If the end result is, as you claim, that the countermeasures are so prevalent that stealth play becomes impossible, than either that's showing that stealth is just so broken that people feel they MUST have countermeasures, or ArenaNet made the countermeasures too good. However, introducing countermeasures means that ArenaNet can have another means of balancing stealth - if stealth is too prevalent they can increase the strength of the countermeasures, if it is being pushed out, they can make the countermeasures weaker. The thing is, at the moment, stealth is pretty much a hard counter to pretty much any attempt to take a thief down that can't do so with area effects within a second or so. (Plus, it's not just a matter of punishing thieves in PvP - I'd love to be able to force those dratted skelks out of invisibility occasionally in PvE too.) Furthermore, in cases of zergs and the like where there probably are going to be countermeasures - who says that you HAVE to go melee? I'd regard having at least one ranged weapon as pretty much essential in WvWvW, and you can always hang back and shoot and reserve melee weapons for jumping targets of opportunity where the risk is worth it. That's the way I've played with a flipping guardian
, after all, and while I'd concede that thief ranged weapons aren't the best in the game for PvP, I would contend that they're better for PvP than a guardian's.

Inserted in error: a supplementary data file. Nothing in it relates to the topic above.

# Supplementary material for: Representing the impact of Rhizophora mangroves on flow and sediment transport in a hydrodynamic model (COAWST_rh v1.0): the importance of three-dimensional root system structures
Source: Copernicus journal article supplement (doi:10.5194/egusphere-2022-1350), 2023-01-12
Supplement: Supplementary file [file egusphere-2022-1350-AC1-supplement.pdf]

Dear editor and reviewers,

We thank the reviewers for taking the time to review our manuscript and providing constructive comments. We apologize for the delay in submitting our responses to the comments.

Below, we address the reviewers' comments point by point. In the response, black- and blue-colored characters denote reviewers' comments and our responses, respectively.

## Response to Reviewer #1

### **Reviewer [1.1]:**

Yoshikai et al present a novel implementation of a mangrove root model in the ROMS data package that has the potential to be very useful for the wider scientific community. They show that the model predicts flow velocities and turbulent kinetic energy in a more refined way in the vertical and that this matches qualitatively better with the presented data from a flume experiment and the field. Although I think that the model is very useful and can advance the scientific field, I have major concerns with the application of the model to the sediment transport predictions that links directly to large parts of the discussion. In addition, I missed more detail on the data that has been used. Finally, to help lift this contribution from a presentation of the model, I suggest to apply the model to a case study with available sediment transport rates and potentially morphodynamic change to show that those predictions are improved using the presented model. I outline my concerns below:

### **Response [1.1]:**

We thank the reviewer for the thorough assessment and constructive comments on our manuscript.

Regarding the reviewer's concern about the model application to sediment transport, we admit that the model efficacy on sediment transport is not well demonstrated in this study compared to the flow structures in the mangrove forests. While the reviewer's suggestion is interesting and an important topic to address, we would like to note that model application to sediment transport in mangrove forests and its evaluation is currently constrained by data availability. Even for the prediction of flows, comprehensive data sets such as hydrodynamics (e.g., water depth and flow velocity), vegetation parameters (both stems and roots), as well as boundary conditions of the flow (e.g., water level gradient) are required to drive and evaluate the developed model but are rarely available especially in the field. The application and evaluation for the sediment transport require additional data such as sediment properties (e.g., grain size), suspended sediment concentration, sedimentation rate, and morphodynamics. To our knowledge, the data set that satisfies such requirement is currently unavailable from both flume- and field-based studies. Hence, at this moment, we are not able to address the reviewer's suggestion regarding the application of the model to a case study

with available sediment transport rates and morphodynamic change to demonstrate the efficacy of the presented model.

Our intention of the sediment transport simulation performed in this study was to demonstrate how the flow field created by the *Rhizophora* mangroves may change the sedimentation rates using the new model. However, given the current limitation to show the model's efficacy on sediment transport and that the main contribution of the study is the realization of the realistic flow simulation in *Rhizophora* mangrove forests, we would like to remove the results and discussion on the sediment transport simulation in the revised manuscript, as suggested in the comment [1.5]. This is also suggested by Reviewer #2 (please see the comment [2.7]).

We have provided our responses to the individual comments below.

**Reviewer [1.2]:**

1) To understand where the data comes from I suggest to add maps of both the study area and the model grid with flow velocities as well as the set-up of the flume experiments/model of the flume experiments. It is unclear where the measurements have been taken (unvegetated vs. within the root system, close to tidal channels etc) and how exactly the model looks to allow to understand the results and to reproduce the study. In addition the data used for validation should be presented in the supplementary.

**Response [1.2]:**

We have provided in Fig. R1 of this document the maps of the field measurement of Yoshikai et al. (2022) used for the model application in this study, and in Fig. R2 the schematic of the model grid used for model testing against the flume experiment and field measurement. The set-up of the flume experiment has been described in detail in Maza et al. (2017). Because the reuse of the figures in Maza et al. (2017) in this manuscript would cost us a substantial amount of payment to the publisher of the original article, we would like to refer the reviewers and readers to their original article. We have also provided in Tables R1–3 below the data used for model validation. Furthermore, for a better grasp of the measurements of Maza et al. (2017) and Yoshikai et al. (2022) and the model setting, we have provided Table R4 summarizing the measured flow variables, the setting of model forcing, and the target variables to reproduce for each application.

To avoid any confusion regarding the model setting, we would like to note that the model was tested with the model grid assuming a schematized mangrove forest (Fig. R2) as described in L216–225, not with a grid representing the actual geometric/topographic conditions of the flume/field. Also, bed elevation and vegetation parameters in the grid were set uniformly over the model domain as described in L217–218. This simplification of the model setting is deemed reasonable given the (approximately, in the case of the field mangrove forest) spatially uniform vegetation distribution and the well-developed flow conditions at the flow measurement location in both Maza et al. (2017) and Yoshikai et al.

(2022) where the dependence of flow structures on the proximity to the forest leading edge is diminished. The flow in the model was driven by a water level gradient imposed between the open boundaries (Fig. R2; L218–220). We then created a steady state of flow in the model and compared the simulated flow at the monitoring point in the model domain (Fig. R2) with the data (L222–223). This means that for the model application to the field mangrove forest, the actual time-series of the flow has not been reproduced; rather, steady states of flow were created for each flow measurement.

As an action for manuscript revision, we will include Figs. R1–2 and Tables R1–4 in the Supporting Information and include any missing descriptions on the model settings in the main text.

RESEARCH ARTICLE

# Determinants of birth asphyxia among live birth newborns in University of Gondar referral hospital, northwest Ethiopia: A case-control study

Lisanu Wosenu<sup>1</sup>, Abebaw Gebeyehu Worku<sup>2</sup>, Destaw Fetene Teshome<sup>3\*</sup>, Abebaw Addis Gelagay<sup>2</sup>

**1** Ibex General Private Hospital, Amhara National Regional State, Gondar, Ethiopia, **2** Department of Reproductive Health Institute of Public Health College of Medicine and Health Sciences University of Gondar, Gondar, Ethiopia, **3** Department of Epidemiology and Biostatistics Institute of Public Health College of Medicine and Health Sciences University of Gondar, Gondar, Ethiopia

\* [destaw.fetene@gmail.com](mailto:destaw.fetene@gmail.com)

Damage dropping thieves out of stealth is, I think, actually too strong of a countermeasure. Hitting
a stealthed thief isn't hard, it's hitting them hard enough with blind-fired AoEs to drop them. If any area damage effect becomes a countermeasure, then it would suddenly become much too easy - rangers, necromancers and other thieves could just scatter a few marks and traps around, characters with cheap area effects like staff guardians and some engineer kits could simply blast the area around them, and even a fortuitously placed dual-purpose field such as a symbol, well, or chaos storm might catch an unlucky thief - and that's just assuming that the thief has so far escaped detection, rather than the other side having a recently known position to blast. You'd go from the current situation where stealth is pretty much a guaranteed escape to one where it becomes pretty much useless as soon as the enemy knows roughly where you are. Instead of a situation where some or any professions may
have a hard counter (which they still need to catch the stealth-user in to work) and where ArenaNet can indirectly control the availability of countermeasures by balancing said countermeasures, you'd have one where every staff guardian, staff necromancer, or flamethrower engineer becomes a hard counter, not to mention a whole bunch of PvE enemies. And that's assuming that condition damage doesn't count as damage, or stealth-users would really
be kittened. One thing to keep in mind with the WoW method, as I understand it, is that rogues there are really only expected to use stealth to get into a favourable position to start a fight, or to attempt to get out of it - they're not intended to use stealth during
a fight like GW2 thieves are.
Seriously, as someone who's so far WvW'd exclusively as a staff+melee set guardian, I would love
for your counterproposal to be implemented. As someone who actually cares about thieves remaining useful albeit not as untouchable as they can be now, however, I think my proposal is actually fairer to thieves.